The New York Times carries an article today titled "Prenatal Test Puts Down Syndrome in Hard Focus".
It reports how in US, families rising kids with Down syndrome are campaigning against a new, widely usable prenatal test that can be used to screen for it. 90% percent of pregnancies where the fetus is diagnosed with Down get aborted. Some parents are worried that as population of people affected with Down syndrome dwindles, the care programs for them will also disappear.
But they are also worried about a much more serious problem than that. The practice is well within the area of eugenics, trying to draw a line between eliminating a genetic condition undesired by the would-be parents versus lessening the diversity of the human race. The genetic condition can be viewed as undesired since Down syndrome results in having somewhat weaker physical features, being slightly mentally challenged, and having shorter life expectancy (49 years average), but most of these individuals are still able to live fully enjoyable lives in a loving family, even if they're placing a bigger burden on their parents, and parents who actually raise such kids and therefore have first-hand experience believe how Down is not a sufficient reason to deny those kids existence. I tend to sympathise with this point of view. From the article:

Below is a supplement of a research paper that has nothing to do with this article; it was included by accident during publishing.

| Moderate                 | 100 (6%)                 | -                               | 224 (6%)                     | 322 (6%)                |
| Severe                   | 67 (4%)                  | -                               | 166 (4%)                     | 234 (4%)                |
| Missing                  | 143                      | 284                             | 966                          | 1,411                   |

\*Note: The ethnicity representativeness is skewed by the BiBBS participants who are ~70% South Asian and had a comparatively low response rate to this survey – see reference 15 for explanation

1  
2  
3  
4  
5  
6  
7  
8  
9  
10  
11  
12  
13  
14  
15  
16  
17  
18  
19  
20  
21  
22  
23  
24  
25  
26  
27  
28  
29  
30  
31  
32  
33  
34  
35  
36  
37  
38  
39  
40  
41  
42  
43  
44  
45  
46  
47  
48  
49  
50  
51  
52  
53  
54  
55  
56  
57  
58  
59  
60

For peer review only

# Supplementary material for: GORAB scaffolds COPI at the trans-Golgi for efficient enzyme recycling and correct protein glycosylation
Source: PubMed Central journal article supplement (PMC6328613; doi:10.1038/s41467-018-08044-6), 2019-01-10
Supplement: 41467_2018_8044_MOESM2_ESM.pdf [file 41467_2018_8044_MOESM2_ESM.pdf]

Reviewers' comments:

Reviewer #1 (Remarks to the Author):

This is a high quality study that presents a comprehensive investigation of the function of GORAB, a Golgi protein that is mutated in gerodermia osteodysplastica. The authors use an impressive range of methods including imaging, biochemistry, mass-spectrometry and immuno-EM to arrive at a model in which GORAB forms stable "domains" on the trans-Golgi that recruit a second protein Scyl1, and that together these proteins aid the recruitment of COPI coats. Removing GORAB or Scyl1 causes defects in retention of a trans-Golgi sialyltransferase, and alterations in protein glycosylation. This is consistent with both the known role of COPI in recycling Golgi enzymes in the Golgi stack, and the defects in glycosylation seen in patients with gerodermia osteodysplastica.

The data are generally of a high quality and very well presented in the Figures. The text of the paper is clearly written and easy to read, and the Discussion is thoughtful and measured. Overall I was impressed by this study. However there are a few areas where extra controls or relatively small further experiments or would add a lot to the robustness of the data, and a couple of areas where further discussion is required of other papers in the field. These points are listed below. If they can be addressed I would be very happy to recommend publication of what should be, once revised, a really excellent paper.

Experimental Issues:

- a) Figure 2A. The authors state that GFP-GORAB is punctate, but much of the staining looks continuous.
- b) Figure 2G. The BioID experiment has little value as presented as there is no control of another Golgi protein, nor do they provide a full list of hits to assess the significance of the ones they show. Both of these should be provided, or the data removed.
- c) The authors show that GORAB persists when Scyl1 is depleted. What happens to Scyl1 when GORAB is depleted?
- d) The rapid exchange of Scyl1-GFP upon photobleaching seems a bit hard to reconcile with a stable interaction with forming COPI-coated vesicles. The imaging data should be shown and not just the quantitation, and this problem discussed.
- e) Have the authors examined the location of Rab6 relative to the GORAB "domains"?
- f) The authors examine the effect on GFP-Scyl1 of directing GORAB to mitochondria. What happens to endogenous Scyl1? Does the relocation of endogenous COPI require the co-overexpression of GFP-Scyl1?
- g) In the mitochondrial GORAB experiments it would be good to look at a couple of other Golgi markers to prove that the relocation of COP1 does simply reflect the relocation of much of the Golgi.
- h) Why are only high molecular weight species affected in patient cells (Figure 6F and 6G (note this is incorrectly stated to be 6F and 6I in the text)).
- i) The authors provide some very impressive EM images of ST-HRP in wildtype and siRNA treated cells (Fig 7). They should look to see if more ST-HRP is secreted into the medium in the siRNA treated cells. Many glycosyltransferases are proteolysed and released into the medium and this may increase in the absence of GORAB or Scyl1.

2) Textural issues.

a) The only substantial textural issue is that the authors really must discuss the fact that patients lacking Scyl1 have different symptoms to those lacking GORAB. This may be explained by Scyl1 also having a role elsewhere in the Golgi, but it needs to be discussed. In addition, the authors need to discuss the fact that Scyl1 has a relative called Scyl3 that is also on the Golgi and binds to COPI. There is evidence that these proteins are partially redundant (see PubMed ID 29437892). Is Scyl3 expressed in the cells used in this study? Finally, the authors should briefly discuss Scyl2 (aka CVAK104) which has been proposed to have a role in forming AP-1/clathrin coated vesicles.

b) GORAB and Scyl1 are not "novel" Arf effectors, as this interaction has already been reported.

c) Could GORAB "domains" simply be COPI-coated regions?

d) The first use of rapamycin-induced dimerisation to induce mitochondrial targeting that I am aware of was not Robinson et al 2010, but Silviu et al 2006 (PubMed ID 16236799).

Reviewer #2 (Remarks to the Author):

Sarah Itoh, a self-described “almost-eleven-and-a-half,” betrayed no trace of nervousness as she told a roomful of genetic counselors and obstetricians about herself one recent afternoon. She likes to read, she said. Math used to be hard, but it is getting easier. She plays clarinet in her school band. She is a junior girl scout and an aunt, and she likes to organize, so her room is very clean. Last year, she won three medals in the Special Olympics.
“I am so lucky I get to do so many things,” she concluded. “I just want you to know, even though I have Down syndrome, it is O.K.”